The themes of sounds, memories, and space develop further from this series of works into the third manifestation of the “meeting” idea, the piece D-dist, installed as part of the project Träffas 1983-2003 in 2003 in Nacka. Four years after they had first met cycling in 1983 Ann and Sten-Olof began seeing one another regularly, and talked about making an art-project together. However, it would take them until 2003 before they actually realised a project together.

D-dist is a sound-work which is based on synthesised noise, and which essentially consists of a computer programme that generates and moves noise around an installation of loudspeakers in an empty room. It works according to a genetic algorithm which “learns” and “grows” as the piece continues. As I see it, this work retains the elements found in the other pieces mentioned so far, but in a more attenuated and abstracted form. Technically speaking “white noise” consists of all possible frequencies simultaneously, and is thus the sonic equivalent of a completely filled space, but in fact such an information overload conspires to create the effect of a kind of paradoxical emptiness – there is so much sound that what we experience is a kind of “blank” – reflected in the fact that we use the term “white noise” – with the etymological links between the French word blanc and the English “blank” – to describe this sonic plenitude. Then there is the large empty space surrounded by loudspeakers, defined as an empty space by the sheets of noise that constantly move around it. And there is still the abstracted sense of a meeting going on – the fact that the algorithm driving the work communicates with itself, learns from what has happened, and interacts without the need for any human intervention perhaps represents a sort of “degree zero” of meeting – a meeting without people, perhaps; the “idea” of a meeting.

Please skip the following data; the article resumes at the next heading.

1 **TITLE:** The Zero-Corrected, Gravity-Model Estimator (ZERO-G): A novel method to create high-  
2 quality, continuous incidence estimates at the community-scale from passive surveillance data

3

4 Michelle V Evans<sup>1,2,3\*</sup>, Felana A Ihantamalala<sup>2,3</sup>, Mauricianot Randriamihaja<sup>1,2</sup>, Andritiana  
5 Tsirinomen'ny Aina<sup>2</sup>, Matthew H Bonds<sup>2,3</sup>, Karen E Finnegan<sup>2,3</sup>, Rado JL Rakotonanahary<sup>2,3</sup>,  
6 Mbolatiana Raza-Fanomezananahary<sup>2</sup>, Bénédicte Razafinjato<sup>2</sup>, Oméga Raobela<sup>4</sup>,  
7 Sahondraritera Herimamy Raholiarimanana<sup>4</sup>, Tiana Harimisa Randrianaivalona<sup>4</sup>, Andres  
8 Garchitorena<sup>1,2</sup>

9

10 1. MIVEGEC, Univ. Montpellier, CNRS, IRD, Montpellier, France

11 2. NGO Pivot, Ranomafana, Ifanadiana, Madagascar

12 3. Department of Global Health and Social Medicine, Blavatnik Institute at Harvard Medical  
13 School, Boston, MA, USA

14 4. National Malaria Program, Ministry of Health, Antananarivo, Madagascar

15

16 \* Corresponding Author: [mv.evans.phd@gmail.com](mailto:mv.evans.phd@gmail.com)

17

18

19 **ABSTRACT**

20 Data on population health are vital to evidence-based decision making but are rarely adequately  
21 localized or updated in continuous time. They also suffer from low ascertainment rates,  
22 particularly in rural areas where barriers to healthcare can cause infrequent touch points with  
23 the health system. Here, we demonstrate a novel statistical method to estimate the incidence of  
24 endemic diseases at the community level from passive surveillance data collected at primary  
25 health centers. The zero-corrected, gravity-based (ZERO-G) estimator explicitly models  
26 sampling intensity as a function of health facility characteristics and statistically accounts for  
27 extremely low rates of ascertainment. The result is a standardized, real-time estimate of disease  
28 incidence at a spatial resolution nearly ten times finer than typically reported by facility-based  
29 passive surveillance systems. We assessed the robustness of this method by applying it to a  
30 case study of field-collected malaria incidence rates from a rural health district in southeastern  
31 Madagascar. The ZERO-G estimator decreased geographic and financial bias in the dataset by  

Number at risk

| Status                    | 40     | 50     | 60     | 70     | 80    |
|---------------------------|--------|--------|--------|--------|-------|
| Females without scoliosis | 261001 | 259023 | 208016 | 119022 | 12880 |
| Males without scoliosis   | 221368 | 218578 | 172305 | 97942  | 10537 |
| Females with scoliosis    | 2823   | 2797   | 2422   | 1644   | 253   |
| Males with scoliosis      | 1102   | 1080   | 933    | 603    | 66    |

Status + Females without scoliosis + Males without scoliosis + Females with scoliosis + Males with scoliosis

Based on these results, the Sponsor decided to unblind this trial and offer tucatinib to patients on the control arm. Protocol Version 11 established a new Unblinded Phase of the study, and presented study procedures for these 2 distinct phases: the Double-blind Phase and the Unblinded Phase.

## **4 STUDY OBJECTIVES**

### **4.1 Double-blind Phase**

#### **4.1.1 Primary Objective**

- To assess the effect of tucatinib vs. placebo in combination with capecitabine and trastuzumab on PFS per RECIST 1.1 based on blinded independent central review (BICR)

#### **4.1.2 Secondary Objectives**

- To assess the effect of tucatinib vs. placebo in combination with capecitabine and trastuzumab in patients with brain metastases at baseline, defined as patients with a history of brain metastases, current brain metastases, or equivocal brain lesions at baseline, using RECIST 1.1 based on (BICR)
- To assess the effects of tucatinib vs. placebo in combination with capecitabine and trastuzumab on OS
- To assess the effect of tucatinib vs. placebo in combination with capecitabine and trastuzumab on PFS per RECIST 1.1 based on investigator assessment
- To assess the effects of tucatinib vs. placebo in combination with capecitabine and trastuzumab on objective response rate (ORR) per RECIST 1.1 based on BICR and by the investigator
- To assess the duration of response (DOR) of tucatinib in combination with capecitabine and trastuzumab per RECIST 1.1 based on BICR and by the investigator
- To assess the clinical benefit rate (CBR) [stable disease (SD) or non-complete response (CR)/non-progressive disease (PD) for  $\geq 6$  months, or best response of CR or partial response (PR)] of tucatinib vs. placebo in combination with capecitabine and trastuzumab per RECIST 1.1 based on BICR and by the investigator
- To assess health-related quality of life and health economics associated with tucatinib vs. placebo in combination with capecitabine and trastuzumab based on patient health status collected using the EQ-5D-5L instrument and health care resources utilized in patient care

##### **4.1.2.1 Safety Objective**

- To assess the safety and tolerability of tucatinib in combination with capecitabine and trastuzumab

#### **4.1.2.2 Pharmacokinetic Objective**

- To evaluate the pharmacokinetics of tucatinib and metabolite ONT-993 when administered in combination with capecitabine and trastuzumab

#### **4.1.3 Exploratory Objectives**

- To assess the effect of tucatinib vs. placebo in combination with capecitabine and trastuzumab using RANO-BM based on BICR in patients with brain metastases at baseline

Recent Works Involving Silence and Interactive Sound